The Garden State is looking to harvest nearly $650 million in back taxes and penalties from Uber Technologies, making New Jersey the latest front in a nationwide battle over whether drivers who work for ridesharing companies are considered employees or independent contractors.
Uber and subsidiary Rasier were assessed $523 million in past-due taxes during the past four years for misclassifying drivers, the New Jersey Department of Labor said in letters to the companies, according to Bloomberg Law. The rideshare businesses also are on the hook for as much as $119 million in interest and penalties on the unpaid amounts, internal department documents obtained by the news service show.
The Bloomberg Law report is based on documents obtained under the state's Open Public Records Act, the state agency said in an email to CBS MoneyWatch.
"Misclassification hurts law-abiding businesses and employees who are misclassified, and costs the state untold millions in unpaid unemployment and disability taxes," the agency said, declining to discuss specific cases.
Uber, however, is not ready to accept New Jersey's interpretation of how its drivers should be classified.
"We are challenging this preliminary but incorrect determination, because drivers are independent contractors in New Jersey and elsewhere," an Uber spokesperson told CBS MoneyWatch.
Uber's business model largely depends on drivers being treated as self-employed contractors rather than employees who are entitled to health care and other benefits, a legal classification that saves the company on labor costs. Its stock price fell nearly 3% Thursday after news of the back-taxes tab surfaced.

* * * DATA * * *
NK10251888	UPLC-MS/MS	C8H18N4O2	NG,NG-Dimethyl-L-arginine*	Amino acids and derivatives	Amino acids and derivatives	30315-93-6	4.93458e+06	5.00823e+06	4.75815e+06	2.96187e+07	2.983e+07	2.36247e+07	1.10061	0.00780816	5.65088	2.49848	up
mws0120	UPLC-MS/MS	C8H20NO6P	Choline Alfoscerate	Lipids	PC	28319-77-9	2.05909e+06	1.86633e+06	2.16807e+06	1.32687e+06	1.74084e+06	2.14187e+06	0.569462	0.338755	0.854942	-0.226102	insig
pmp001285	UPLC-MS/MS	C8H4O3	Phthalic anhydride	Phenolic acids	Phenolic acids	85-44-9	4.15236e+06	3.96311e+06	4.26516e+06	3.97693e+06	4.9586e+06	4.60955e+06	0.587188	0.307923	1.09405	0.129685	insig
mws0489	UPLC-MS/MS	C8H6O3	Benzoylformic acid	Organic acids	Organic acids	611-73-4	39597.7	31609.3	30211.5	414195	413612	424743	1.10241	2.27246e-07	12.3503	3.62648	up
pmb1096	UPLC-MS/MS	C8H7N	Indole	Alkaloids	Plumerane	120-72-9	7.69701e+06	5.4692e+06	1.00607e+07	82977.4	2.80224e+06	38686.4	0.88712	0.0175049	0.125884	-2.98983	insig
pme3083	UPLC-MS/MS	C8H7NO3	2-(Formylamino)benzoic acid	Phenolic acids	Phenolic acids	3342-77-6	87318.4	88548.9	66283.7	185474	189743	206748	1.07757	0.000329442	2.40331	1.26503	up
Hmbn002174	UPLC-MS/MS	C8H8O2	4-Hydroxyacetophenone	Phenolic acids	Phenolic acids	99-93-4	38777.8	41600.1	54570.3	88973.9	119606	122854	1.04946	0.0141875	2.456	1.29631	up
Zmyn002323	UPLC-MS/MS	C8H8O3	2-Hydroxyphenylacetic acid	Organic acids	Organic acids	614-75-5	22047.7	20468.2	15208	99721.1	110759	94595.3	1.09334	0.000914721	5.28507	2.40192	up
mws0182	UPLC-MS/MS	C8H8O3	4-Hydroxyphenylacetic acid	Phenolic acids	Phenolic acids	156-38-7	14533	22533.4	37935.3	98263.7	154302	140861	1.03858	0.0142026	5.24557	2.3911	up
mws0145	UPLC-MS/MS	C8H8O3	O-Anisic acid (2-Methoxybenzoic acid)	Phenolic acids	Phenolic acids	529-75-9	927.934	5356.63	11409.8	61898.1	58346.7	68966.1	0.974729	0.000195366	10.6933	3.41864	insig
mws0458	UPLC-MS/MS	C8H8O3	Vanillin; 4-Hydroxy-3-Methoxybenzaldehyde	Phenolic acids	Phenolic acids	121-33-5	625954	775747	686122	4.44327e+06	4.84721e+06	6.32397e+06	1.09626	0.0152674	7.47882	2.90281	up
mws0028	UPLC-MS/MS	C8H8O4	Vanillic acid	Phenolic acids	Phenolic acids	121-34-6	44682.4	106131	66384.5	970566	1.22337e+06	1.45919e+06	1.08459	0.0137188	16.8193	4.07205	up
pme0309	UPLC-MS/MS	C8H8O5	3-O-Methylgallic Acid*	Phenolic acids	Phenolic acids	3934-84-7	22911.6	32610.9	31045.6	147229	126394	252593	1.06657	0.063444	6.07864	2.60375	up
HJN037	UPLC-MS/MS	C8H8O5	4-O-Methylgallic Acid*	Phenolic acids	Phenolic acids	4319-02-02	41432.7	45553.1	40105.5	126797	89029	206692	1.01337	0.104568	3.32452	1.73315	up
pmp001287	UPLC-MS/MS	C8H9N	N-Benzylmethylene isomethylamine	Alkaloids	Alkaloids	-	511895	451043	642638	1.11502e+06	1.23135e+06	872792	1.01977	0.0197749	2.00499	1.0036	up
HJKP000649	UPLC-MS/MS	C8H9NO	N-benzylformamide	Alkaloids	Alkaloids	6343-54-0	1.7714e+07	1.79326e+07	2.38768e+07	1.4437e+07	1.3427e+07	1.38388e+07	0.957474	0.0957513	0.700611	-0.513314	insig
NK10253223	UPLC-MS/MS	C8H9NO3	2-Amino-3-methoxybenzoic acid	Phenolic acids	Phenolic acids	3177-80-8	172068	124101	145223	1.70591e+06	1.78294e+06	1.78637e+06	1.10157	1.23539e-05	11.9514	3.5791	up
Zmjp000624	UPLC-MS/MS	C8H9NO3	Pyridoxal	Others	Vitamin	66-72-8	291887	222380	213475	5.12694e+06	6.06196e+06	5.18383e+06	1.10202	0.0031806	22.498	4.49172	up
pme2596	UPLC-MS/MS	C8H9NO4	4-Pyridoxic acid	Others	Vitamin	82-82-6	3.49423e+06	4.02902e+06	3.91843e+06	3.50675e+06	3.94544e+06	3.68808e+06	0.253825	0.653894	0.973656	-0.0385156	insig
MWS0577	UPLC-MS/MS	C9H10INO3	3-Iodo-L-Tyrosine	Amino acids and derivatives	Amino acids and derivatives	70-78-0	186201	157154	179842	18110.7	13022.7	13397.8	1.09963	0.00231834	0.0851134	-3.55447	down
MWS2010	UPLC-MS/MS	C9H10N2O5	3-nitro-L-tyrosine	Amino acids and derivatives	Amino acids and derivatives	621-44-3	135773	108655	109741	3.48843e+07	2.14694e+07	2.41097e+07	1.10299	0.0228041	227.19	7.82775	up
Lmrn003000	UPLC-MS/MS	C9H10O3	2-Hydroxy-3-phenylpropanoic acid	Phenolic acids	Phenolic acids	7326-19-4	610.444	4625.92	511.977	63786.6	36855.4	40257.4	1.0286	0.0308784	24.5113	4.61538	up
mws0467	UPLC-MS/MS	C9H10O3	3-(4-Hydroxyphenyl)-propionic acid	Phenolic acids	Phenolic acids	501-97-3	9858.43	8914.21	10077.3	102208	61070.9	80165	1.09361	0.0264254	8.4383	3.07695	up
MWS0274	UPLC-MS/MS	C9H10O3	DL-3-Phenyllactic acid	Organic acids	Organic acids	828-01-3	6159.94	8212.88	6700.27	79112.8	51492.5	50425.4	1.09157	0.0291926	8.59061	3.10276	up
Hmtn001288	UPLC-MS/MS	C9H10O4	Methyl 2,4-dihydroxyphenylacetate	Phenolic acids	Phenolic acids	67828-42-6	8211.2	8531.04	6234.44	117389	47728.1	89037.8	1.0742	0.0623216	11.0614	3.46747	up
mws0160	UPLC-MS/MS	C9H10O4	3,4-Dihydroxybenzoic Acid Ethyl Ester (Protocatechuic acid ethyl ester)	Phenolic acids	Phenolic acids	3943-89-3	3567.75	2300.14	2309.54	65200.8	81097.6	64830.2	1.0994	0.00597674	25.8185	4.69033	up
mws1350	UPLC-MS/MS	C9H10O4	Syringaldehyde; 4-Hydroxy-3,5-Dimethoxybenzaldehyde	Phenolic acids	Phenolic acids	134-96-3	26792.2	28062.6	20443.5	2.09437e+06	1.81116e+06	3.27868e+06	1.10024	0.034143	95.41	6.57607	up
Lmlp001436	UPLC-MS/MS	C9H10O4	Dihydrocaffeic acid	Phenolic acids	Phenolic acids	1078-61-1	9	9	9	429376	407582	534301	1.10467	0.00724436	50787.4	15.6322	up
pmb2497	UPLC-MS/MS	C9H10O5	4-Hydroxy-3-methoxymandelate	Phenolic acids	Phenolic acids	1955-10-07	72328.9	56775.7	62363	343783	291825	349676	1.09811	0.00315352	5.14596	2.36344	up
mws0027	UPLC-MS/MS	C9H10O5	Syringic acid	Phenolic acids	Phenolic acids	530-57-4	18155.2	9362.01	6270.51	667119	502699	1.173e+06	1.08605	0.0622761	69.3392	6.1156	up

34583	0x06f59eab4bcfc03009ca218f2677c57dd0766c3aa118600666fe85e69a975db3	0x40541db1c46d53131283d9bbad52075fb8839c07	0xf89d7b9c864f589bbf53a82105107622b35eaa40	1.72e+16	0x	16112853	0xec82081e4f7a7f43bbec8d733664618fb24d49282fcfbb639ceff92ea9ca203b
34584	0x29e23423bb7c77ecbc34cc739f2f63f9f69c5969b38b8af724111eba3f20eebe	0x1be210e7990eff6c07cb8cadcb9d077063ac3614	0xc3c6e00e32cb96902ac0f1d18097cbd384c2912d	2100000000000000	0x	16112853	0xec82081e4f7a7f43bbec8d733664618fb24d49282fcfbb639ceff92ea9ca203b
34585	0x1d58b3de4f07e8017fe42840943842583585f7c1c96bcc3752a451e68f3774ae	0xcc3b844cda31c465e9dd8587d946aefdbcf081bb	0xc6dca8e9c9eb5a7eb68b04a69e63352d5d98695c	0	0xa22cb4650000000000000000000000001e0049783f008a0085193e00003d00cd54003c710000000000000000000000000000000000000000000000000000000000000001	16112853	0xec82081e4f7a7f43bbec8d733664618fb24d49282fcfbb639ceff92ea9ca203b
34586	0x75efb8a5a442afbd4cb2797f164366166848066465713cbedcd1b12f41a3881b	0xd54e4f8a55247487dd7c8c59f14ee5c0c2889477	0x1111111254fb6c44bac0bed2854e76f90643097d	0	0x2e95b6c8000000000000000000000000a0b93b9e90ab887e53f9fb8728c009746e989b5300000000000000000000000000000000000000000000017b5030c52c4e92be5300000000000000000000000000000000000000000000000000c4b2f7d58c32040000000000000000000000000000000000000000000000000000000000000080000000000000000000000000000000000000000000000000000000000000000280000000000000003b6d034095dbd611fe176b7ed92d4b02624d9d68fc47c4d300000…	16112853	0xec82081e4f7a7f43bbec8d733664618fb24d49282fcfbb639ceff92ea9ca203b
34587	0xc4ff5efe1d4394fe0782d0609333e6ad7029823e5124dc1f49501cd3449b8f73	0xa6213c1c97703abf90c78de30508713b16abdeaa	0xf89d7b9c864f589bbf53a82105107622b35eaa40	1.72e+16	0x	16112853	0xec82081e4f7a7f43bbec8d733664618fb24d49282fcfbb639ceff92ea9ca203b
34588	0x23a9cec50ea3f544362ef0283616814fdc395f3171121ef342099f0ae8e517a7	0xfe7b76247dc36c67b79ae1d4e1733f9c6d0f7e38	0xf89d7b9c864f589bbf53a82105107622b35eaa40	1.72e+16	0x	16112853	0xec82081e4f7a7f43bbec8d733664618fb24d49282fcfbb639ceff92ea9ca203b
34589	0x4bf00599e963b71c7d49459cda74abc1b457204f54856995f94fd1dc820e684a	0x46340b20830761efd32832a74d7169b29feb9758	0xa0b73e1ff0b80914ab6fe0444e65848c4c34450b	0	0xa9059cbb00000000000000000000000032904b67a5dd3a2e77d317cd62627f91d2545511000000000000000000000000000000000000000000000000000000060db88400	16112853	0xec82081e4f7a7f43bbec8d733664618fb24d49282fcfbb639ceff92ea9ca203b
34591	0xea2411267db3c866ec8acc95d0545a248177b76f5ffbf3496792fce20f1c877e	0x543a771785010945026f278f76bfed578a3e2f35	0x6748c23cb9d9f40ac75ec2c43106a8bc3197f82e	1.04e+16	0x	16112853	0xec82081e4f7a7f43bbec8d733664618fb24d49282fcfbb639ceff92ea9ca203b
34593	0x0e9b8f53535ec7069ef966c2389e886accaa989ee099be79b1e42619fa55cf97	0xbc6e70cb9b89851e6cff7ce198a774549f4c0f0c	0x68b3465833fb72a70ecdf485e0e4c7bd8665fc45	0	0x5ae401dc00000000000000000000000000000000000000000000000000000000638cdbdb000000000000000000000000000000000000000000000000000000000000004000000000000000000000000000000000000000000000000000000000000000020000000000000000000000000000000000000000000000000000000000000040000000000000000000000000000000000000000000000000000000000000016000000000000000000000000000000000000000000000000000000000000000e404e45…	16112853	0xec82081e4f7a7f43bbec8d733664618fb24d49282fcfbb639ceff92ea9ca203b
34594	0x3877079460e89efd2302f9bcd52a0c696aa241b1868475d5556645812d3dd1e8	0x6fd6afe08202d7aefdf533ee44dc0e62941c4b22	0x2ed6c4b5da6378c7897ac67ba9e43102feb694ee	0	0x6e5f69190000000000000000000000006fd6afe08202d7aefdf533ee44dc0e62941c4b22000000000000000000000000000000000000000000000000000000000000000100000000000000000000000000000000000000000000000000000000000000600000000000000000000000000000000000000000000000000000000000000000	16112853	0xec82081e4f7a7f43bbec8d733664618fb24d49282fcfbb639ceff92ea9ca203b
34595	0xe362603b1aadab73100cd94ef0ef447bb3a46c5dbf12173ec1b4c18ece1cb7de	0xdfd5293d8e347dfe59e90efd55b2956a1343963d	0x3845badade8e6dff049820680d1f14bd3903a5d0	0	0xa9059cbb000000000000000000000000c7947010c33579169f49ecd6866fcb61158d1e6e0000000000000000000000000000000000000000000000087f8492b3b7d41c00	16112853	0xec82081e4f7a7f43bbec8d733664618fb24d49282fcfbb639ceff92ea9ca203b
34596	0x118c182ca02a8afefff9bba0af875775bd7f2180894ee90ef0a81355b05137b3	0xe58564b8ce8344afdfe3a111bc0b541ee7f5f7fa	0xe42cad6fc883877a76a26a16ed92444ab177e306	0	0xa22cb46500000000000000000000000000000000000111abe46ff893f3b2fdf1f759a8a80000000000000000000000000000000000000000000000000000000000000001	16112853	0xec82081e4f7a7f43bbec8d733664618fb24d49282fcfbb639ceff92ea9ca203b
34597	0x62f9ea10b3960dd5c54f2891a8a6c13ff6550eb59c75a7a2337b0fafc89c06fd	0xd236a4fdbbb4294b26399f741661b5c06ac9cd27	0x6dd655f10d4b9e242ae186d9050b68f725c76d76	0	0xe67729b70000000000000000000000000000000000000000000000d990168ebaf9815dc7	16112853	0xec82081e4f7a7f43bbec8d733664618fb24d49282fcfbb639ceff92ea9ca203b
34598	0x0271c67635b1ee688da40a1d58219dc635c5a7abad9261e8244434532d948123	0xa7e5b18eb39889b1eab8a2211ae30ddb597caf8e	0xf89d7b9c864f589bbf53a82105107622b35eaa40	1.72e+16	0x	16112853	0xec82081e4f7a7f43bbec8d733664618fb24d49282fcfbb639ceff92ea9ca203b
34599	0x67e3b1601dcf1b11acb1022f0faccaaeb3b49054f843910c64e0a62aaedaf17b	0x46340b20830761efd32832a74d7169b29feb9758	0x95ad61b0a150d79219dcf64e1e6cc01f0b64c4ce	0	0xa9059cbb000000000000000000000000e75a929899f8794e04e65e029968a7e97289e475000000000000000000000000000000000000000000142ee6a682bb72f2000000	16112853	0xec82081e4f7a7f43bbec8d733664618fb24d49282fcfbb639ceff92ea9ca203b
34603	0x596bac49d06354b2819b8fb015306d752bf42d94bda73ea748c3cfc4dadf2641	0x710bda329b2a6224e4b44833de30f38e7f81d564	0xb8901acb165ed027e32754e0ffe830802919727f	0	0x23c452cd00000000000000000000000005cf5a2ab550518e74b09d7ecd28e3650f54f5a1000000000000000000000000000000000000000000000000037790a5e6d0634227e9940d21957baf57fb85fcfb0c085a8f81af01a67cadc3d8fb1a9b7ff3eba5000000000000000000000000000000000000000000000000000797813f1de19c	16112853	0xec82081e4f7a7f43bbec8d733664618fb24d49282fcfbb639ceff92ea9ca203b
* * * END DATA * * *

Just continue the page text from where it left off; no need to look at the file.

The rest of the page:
New Jersey is not the only concern when it comes classifying employees. Uber and competitor Lyft have each pledged $30 million to fightthat could require them to count drivers as employees. Similar legislation is expected to come up in New York in 2020.
Labor advocates cheered the news of New Jersey's efforts.
"For too long, Uber has skipped out on paying its fair share. Now, New Jersey is holding Uber accountable and telling the company to pay up," noted Rebecca Smith, director of the Work Structures program at the National Employment Law Project. "Other states should follow New Jersey's example."
The New York Do It Right Employment Classification Test (NY DIRECT) Coalition echoed the sentiment, citing "consensus in a growing number of states that Uber drivers are employees."
Cracking down a "priority"
New Jersey has lost tens of millions of dollars every year since 2000 in foregone state income taxes and unemployment and disability contributions due to misclassification in all industries, a state task force concluded in a July report.
Cracking down on companies that misclassify workers as independent contractors, or paying them off the books, is a "priority" of New Jersey Governor Phil Murphy, the state's labor commissioner, Robert Asaro-Angelo, said in a statement this week.
"For those who say properly enforcing our unemployment laws will stifle worker flexibility, let's be clear: There is no reason temporary, or on-demand workers can't be treated like other employees who work flexible hours for short durations," Asaro-Angelo said.